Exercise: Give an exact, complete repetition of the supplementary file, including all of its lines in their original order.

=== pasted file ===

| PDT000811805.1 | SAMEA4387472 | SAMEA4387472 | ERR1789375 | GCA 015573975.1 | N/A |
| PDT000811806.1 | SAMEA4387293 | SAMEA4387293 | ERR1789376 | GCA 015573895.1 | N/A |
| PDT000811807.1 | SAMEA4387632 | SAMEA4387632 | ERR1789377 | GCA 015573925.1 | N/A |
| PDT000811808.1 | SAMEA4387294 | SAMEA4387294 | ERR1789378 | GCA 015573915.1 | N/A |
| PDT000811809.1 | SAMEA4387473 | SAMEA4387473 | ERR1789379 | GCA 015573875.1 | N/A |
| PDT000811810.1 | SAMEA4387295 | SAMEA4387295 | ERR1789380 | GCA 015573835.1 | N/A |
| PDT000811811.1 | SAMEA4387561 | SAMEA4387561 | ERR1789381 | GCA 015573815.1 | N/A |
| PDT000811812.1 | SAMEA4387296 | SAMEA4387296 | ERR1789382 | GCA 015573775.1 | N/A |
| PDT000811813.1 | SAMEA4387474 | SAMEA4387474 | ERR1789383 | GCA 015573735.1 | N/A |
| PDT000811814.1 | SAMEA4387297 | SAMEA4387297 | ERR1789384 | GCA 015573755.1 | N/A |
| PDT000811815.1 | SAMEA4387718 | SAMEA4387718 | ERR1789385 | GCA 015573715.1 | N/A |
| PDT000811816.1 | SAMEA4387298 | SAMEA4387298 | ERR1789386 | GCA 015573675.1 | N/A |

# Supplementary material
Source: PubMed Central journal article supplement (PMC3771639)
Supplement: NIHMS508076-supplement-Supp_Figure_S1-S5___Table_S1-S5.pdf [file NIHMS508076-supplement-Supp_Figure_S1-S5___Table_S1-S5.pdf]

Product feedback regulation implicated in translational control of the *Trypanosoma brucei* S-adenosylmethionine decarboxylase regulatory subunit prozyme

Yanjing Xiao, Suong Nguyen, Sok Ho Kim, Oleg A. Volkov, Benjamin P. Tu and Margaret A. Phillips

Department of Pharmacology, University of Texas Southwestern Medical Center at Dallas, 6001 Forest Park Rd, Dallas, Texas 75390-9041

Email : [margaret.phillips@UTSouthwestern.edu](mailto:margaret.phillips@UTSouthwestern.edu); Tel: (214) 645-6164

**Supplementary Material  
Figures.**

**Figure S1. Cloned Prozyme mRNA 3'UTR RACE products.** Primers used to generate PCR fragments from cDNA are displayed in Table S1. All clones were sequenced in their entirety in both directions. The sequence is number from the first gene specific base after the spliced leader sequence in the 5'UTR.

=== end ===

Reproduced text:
| PDT000811805.1 | SAMEA4387472 | SAMEA4387472 | ERR1789375 | GCA 015573975.1 | N/A |
| PDT000811806.1 | SAMEA4387293 | SAMEA4387293 | ERR1789376 | GCA 015573895.1 | N/A |
| PDT000811807.1 | SAMEA4387632 | SAMEA4387632 | ERR1789377 | GCA 015573925.1 | N/A |
| PDT000811808.1 | SAMEA4387294 | SAMEA4387294 | ERR1789378 | GCA 015573915.1 | N/A |
| PDT000811809.1 | SAMEA4387473 | SAMEA4387473 | ERR1789379 | GCA 015573875.1 | N/A |
| PDT000811810.1 | SAMEA4387295 | SAMEA4387295 | ERR1789380 | GCA 015573835.1 | N/A |
| PDT000811811.1 | SAMEA4387561 | SAMEA4387561 | ERR1789381 | GCA 015573815.1 | N/A |
| PDT000811812.1 | SAMEA4387296 | SAMEA4387296 | ERR1789382 | GCA 015573775.1 | N/A |
| PDT000811813.1 | SAMEA4387474 | SAMEA4387474 | ERR1789383 | GCA 015573735.1 | N/A |
| PDT000811814.1 | SAMEA4387297 | SAMEA4387297 | ERR1789384 | GCA 015573755.1 | N/A |
| PDT000811815.1 | SAMEA4387718 | SAMEA4387718 | ERR1789385 | GCA 015573715.1 | N/A |
| PDT000811816.1 | SAMEA4387298 | SAMEA4387298 | ERR1789386 | GCA 015573675.1 | N/A |

# Supplementary material
Source: PubMed Central journal article supplement (PMC3771639)
Supplement: NIHMS508076-supplement-Supp_Figure_S1-S5___Table_S1-S5.pdf [file NIHMS508076-supplement-Supp_Figure_S1-S5___Table_S1-S5.pdf]

Product feedback regulation implicated in translational control of the *Trypanosoma brucei* S-adenosylmethionine decarboxylase regulatory subunit prozyme

Yanjing Xiao, Suong Nguyen, Sok Ho Kim, Oleg A. Volkov, Benjamin P. Tu and Margaret A. Phillips

Department of Pharmacology, University of Texas Southwestern Medical Center at Dallas, 6001 Forest Park Rd, Dallas, Texas 75390-9041

Email : [margaret.phillips@UTSouthwestern.edu](mailto:margaret.phillips@UTSouthwestern.edu); Tel: (214) 645-6164

**Supplementary Material  
Figures.**

**Figure S1. Cloned Prozyme mRNA 3'UTR RACE products.** Primers used to generate PCR fragments from cDNA are displayed in Table S1. All clones were sequenced in their entirety in both directions. The sequence is number from the first gene specific base after the spliced leader sequence in the 5'UTR.